If you're an allergy sufferer, you may already know that spring, summer and early fall can be trying times. Puffy eyes, a red nose and sneezing are only some of the symptoms of an allergy to pollen. Other factors, such as pollution, stress and an unhealthy diet, can make allergies even worse. While you can run to the nearest drug store and load up on over-the-counter antihistamines and nasal sprays, yoga may offer a more holistic alternative.
When you confront a stressful situation, you have a physiological reaction, or the fight-or-flight response. Your body revs up – heart rate, blood pressure, breathing cycles and muscle tension. This reaction can be helpful if you’re face to face with a raging gorilla in a jungle. But in modern life, the stressors are emotional and relentless. You can avoid a gorilla once but you can have a never-ending stream of work deadlines. Stress taxes your immune system and lowers your ability to ward off environmental intruders. In the case of a pollen allergy, your body releases histamine and stress hormones, which can inflame your nasal passages. By using relaxation techniques in yoga, your nervous system can tell your immune system that there’s no need to activate. When your immune system retreats, the inflammation naturally subsides.
Because your respiratory system is inflamed, breathing techniques that you would normally use in yoga can cause more harm than good. For example, breathing through alternate nostrils can help you breathe more deeply as long as you’re not suffering from an allergy attack. If one nasal passage is blocked, you’ll spend more energy trying to clear your nose than breathing calmly. Forceful breathing, such as bellow breathing, can also exacerbate your allergy symptoms. While practicing yoga, focus more on the exhalation. For example, practice taking in a short breath and following it with a long exhale, according to Gary Kraftsow, founder of the American Viniyoga Institute, in Angela Pirisi’s article “Allergy Antidote” in Yoga Journal.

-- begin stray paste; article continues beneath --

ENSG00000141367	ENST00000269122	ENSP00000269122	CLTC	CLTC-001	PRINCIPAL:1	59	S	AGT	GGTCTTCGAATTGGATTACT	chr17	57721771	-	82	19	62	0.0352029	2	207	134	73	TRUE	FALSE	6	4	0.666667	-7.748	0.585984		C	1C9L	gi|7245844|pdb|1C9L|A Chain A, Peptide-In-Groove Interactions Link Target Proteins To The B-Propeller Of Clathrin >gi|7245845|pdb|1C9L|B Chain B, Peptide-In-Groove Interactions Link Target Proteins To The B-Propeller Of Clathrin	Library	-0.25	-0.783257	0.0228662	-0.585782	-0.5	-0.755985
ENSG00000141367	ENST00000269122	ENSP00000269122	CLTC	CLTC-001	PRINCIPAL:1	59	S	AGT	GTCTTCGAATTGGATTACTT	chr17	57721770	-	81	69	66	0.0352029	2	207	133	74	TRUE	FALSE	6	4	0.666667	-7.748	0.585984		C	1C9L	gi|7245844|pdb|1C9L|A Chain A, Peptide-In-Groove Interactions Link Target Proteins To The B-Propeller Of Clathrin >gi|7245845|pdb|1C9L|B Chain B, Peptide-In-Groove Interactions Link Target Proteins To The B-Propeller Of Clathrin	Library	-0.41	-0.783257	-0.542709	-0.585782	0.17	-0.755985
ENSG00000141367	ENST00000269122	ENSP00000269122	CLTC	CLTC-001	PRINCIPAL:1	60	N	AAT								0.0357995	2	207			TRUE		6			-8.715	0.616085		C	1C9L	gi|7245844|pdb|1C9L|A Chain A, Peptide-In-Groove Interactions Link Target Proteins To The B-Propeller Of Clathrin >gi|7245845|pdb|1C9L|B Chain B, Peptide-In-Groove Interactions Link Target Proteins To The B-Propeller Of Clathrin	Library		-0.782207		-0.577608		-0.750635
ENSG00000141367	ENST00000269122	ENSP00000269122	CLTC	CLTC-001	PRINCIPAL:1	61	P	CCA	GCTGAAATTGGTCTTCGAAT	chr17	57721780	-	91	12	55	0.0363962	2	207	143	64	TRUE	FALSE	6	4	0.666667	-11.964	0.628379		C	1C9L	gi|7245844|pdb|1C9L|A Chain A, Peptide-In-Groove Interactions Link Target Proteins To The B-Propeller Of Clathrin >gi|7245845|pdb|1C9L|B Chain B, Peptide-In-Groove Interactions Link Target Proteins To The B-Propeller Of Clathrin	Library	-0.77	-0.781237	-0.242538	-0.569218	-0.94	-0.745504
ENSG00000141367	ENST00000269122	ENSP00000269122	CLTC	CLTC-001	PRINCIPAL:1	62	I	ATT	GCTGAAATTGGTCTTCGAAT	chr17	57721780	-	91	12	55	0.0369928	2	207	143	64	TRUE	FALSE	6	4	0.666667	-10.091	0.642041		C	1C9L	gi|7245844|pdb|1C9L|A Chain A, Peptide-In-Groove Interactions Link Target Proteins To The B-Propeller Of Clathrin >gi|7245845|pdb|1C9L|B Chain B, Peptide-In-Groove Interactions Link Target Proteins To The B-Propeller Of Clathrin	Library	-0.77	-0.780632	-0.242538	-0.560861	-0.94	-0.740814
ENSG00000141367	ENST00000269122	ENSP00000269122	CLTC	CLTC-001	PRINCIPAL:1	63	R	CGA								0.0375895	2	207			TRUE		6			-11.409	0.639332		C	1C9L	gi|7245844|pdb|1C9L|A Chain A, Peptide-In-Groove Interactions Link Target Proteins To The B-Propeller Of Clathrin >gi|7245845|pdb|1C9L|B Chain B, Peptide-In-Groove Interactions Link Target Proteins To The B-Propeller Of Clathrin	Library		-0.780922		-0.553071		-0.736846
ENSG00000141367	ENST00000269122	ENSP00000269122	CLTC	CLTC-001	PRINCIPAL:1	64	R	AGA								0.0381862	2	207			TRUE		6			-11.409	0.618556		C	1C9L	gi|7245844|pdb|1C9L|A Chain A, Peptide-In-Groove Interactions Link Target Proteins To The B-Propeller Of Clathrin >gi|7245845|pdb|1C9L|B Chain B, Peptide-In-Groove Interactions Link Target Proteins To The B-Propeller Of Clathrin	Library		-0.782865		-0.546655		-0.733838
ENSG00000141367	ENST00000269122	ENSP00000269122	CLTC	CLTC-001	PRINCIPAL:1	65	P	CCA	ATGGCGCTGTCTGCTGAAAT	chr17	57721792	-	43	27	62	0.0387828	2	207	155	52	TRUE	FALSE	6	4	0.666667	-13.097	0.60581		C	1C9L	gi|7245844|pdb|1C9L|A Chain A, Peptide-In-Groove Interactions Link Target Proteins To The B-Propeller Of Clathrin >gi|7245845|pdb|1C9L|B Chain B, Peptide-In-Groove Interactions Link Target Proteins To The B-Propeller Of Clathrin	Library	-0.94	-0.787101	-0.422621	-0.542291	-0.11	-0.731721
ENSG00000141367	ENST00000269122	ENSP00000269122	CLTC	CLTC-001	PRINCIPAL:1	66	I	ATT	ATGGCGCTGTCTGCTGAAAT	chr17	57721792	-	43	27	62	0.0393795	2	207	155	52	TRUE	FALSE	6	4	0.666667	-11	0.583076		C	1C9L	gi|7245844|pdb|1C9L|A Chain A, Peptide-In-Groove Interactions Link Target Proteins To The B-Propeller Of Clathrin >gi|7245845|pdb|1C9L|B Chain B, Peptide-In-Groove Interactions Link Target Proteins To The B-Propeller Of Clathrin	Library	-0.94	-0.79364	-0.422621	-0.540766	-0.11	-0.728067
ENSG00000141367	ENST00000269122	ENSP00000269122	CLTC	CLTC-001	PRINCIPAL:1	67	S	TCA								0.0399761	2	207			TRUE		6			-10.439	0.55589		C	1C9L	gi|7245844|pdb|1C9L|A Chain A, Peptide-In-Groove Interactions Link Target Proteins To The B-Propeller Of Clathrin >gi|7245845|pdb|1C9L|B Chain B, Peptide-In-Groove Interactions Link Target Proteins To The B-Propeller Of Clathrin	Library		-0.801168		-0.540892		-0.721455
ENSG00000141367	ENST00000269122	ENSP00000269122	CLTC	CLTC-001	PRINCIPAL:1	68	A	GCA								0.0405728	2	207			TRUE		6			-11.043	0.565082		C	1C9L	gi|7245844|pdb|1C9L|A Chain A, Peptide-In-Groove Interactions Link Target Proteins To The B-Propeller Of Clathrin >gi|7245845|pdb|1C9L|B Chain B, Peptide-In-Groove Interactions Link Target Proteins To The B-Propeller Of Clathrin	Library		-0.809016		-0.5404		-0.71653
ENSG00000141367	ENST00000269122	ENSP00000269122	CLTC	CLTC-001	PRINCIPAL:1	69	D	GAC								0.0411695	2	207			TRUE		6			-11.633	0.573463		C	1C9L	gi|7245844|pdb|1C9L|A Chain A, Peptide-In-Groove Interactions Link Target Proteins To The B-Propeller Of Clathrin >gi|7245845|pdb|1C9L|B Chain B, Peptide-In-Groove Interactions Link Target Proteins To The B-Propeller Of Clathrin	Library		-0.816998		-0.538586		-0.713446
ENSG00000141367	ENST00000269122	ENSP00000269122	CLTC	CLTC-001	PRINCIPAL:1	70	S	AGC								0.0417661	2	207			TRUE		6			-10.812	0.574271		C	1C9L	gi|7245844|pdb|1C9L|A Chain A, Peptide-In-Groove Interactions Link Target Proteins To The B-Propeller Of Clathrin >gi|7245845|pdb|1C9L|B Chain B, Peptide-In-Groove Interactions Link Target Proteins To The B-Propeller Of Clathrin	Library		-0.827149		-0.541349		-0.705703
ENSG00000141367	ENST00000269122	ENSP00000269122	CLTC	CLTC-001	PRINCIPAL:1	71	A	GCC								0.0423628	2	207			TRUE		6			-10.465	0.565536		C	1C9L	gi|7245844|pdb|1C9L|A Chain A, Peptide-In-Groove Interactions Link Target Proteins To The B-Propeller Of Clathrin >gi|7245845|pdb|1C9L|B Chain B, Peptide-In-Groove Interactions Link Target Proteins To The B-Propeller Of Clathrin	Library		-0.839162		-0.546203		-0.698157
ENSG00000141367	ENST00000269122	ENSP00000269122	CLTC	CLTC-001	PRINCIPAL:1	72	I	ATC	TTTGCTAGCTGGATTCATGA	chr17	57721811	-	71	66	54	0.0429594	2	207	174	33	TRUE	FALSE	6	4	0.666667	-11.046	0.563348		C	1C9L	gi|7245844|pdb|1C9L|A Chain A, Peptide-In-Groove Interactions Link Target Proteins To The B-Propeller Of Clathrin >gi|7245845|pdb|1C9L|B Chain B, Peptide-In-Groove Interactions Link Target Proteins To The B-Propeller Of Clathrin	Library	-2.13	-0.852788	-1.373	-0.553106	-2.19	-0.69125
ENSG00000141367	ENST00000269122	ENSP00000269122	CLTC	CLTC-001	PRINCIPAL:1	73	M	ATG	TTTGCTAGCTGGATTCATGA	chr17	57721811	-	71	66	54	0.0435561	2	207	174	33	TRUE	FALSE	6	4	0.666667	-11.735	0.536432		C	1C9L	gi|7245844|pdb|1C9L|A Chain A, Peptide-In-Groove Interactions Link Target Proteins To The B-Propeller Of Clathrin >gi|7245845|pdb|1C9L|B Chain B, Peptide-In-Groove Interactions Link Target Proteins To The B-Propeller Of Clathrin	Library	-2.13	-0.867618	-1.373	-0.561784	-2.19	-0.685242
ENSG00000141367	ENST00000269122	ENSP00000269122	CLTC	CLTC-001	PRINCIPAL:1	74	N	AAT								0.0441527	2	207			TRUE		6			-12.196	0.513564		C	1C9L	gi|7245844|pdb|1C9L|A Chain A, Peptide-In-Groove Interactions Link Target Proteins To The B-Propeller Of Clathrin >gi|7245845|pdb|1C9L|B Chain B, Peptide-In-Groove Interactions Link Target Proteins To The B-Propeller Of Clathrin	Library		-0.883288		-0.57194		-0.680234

Structuring a Yoga Regimen
When designing a yoga regimen for allergies, you have to consider the factors that cause your immune system to overreact. It’s not as simple as coming up with a pose to stretch a certain muscle. You have to figure out what works for you given your lifestyle, individual condition and needs, according to Alice Lesch Kelly’s article “Breathe Easy” in Yoga Journal. If you suffer from head congestion, chances are you’ll feel as if your face will explode on a forward bend. Some people feel that an inverted pose, such as a Shoulderstand or the Plow pose, can help to drain your sinuses and clear your upper-respiratory tract. Others feel that an inverted pose puts too much stress on their nasal passages.
While a yoga regimen can help you prevent and manage allergy attacks, don’t throw out your medication. If you’re sneezing and battling itchy eyes or a runny nose, an antihistamine can bring welcome relief and even allow you to do some yoga. In addition, standing poses in which you perform twists and forward and backward bends tend to massage your rib cage and lungs. Conditioning this area of your body can help to strengthen your immune system.
Kay Tang is a journalist who has been writing since 1990. She previously covered developments in theater for the "Dramatists Guild Quarterly." Tang graduated with a Bachelor of Arts in economics and political science from Yale University and completed a Master of Professional Studies in interactive telecommunications at New York University.